There are some improvements that need to be made in his game, including a more consistent shot from three, but Shved squelched any question whether his game would transfer from Europe over the course of the season.
Injury has derailed him a bit at various times during the campaign, but he has still managed to play in 70 games this year.
Key Stats: 59 Games Played, 31.7 Minutes Played, .166 Win Shares per 48 Minutes (per basketball-reference.com)
The Godfather, a giant teddy bear or Kano from Mortal Kombat: Regardless of what you think Pekovic is in real life, all you need to know is that when he’s on the basketball court, the Timberwolves win games.
He led the team in win shares per 48 minutes, meaning that he was a big reason why the team won on any given night. The man cannot be moved, scores inside frequently and is only going to get better as he enters his prime years.
The only unfortunate thing about his 2012-13 campaign is that injury kept him from helping the team win more games.
Key Stats: 50 Games Played, 92 Minutes Played in December, 561 Minutes Played in March
When Rubio came back, he was not playing at 100 percent, and people wondered if he had lost a step and was no longer an offense force.
When Rubio was shooting 25 percent from the field, people questioned if he could ever be an effective offensive player.
When Rubio told Shved to change his face and be happy, people wondered if they could ever be angry again.
What we’ve learned is never to underestimate Rubio. He’s a great defender, an improving shooter and an outstanding leader.
Oh yeah, and he is the only player that makes passing look awesome.
His presence was dearly, dearly missed at the beginning of the season.
Key Stats: 18 Games Played, 34.3 Minutes per Game, 18.3 Points per Game
We never got to see Love break his hand the first time. He says he injured it doing knuckle pushups, but when he broke his hand again after only playing 18 games this year, everyone got a little squeamish.
Not only did it look incredibly painful, but everyone also knew the Wolves had lost a great player—and probably any chance of making a playoff run.
Say what you want about Love opening up to Yahoo!’s Adrian Wojnarowski about the state of the team, and speculate all you want about him leaving Minnesota when his contract is up. What we know for sure is that the Wolves are a better team with him than when he was sitting behind the bench with a bowtie around his neck.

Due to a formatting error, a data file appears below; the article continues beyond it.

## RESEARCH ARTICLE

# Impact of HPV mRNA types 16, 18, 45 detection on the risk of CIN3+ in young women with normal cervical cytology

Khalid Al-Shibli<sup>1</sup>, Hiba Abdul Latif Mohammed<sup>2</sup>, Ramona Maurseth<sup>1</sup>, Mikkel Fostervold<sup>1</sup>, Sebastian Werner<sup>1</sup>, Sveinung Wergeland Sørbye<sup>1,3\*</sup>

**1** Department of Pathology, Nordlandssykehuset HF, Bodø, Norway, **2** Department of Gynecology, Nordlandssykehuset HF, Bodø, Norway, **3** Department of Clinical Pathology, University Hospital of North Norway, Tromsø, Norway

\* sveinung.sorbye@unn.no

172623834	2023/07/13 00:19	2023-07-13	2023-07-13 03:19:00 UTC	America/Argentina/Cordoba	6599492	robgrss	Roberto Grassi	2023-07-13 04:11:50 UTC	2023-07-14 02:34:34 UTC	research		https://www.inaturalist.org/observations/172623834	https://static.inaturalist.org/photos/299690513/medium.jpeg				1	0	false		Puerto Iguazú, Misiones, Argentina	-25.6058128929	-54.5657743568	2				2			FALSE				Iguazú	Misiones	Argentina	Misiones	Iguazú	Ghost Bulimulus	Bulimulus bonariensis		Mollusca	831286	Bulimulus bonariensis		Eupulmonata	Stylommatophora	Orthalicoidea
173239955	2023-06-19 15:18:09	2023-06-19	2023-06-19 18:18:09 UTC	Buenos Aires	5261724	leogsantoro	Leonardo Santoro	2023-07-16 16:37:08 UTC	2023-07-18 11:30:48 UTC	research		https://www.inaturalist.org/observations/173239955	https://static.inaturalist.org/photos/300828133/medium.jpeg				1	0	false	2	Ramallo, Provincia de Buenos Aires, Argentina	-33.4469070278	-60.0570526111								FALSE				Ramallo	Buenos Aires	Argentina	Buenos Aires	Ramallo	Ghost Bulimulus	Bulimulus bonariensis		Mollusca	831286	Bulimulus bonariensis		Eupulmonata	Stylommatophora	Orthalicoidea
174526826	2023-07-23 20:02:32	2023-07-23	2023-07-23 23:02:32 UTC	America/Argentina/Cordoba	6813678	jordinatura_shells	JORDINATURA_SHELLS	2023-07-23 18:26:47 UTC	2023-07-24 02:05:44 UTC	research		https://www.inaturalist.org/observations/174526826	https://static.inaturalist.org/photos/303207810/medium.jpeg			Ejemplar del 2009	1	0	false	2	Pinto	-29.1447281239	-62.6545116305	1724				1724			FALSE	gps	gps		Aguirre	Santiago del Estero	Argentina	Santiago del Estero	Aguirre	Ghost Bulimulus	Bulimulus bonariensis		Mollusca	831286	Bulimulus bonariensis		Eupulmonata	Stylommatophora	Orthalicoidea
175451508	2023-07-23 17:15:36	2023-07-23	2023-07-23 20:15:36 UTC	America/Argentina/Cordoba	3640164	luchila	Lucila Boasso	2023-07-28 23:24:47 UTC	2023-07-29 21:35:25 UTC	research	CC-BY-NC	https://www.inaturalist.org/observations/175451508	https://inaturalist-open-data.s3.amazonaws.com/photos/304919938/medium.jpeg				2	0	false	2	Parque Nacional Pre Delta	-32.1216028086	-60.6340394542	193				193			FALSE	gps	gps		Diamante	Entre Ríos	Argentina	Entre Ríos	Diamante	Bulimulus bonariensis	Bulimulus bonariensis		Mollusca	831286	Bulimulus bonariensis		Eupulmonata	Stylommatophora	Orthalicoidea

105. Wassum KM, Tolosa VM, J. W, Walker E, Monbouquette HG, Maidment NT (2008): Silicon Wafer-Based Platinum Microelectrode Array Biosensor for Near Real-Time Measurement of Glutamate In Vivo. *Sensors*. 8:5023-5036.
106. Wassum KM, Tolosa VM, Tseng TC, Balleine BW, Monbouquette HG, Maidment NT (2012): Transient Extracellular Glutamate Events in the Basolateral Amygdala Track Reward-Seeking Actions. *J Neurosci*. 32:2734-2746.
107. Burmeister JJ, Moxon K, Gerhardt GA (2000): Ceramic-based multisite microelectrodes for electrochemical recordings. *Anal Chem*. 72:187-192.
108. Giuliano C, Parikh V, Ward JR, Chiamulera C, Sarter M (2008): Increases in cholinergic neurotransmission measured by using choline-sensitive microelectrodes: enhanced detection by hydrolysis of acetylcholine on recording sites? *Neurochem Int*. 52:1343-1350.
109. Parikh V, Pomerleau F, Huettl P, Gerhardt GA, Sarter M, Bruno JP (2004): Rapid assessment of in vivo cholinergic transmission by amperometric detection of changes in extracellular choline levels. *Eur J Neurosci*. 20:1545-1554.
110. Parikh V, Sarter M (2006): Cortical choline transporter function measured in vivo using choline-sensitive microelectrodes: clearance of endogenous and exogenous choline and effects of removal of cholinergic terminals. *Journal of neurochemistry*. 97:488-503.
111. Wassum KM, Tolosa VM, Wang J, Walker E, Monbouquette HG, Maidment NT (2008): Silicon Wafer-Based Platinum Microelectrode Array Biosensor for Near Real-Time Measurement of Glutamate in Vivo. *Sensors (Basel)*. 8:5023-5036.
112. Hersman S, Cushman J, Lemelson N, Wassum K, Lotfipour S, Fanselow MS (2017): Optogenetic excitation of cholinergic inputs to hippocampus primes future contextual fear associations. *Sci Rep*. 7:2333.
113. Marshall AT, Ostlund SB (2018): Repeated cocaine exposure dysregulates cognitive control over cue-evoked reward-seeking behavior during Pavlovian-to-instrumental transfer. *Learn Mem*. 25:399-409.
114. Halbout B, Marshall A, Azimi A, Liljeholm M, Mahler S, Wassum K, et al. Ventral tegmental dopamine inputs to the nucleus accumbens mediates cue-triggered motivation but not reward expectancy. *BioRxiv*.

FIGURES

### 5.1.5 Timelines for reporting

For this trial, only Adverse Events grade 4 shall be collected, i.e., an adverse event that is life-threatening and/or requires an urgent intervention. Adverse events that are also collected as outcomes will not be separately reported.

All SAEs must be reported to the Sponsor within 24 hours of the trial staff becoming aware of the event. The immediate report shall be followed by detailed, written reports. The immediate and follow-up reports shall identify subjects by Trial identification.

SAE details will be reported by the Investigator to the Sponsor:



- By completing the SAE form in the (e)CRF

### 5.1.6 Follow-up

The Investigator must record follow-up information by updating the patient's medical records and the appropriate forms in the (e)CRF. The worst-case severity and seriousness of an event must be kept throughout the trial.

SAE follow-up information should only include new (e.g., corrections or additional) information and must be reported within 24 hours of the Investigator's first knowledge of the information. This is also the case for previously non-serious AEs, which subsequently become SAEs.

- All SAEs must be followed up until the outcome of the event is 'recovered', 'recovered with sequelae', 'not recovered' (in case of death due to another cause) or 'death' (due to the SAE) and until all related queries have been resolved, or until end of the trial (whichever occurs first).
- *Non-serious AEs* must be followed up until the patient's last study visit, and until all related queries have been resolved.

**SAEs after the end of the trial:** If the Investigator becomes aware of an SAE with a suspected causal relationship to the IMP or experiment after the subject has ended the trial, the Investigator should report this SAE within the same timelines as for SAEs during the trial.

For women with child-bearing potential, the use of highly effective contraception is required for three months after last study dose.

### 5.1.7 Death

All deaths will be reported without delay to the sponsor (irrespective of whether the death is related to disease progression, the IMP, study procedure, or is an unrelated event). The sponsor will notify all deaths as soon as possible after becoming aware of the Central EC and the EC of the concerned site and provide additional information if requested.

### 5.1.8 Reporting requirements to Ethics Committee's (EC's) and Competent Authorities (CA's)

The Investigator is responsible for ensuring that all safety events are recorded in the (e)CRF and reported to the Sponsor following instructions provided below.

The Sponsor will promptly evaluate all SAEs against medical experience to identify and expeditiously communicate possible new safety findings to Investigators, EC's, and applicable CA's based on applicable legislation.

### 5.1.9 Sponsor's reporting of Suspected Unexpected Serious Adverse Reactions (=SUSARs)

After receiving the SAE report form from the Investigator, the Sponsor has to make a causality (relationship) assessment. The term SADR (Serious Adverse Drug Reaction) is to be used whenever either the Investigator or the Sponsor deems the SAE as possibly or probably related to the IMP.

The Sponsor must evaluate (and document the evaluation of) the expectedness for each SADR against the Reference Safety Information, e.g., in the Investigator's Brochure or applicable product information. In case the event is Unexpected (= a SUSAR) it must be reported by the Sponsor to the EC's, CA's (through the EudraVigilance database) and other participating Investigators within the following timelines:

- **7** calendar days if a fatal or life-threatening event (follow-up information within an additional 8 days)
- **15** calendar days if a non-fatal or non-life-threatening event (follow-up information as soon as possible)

Call me crazy, but I think the Wolves would have been the No. 3 team in the Northwest Division if they had been healthy this year.
Oklahoma City has two of the best players in the league in Kevin Durant and Russell Westbrook and a great supporting staff around them, and Denver is the most underrated team in the league and has gotten it done by committee ever since Carmelo Anthony left the Rockies.
So, yeah, the Wolves aren’t better than those two teams.
But they have to be better than a Utah Jazz club that isn’t sure which big men they should keep around and are a little undermanned in other departments.
And despite Damian Lillard’s breakout rookie campaign and LaMarcus Aldridge’s always-superb play out in Portland, there really isn’t much there to convince me that the Blazers are better than a healthy Timberwolves team.
That means that the Wolves should fall somewhere between Utah and Denver’s records.
Final Record, If Healthy: 50-32
- Oklahoma City Thunder
- San Antonio Spurs
- Denver Nuggets
- Los Angeles Clippers
- Memphis Grizzlies
- Minnesota Timberwolves
- Golden State Warriors
- Houston Rockets
Here’s how my Western Conference would look if the Wolves had stayed healthy all year long:
Using those standings, Minnesota would get Denver in the first round and probably would not win that series. Denver is a NBA-championship caliber team; Minnesota is not.
Even if Golden State had passed them up for the No. 6 seed, the Wolves would have gotten San Antonio in the first round and, (ironically) unless the old Spurs suffered injury in the playoffs, their experience would give them a huge leg up on Minnesota.
Final Placement, If Healthy: Lost in Round 1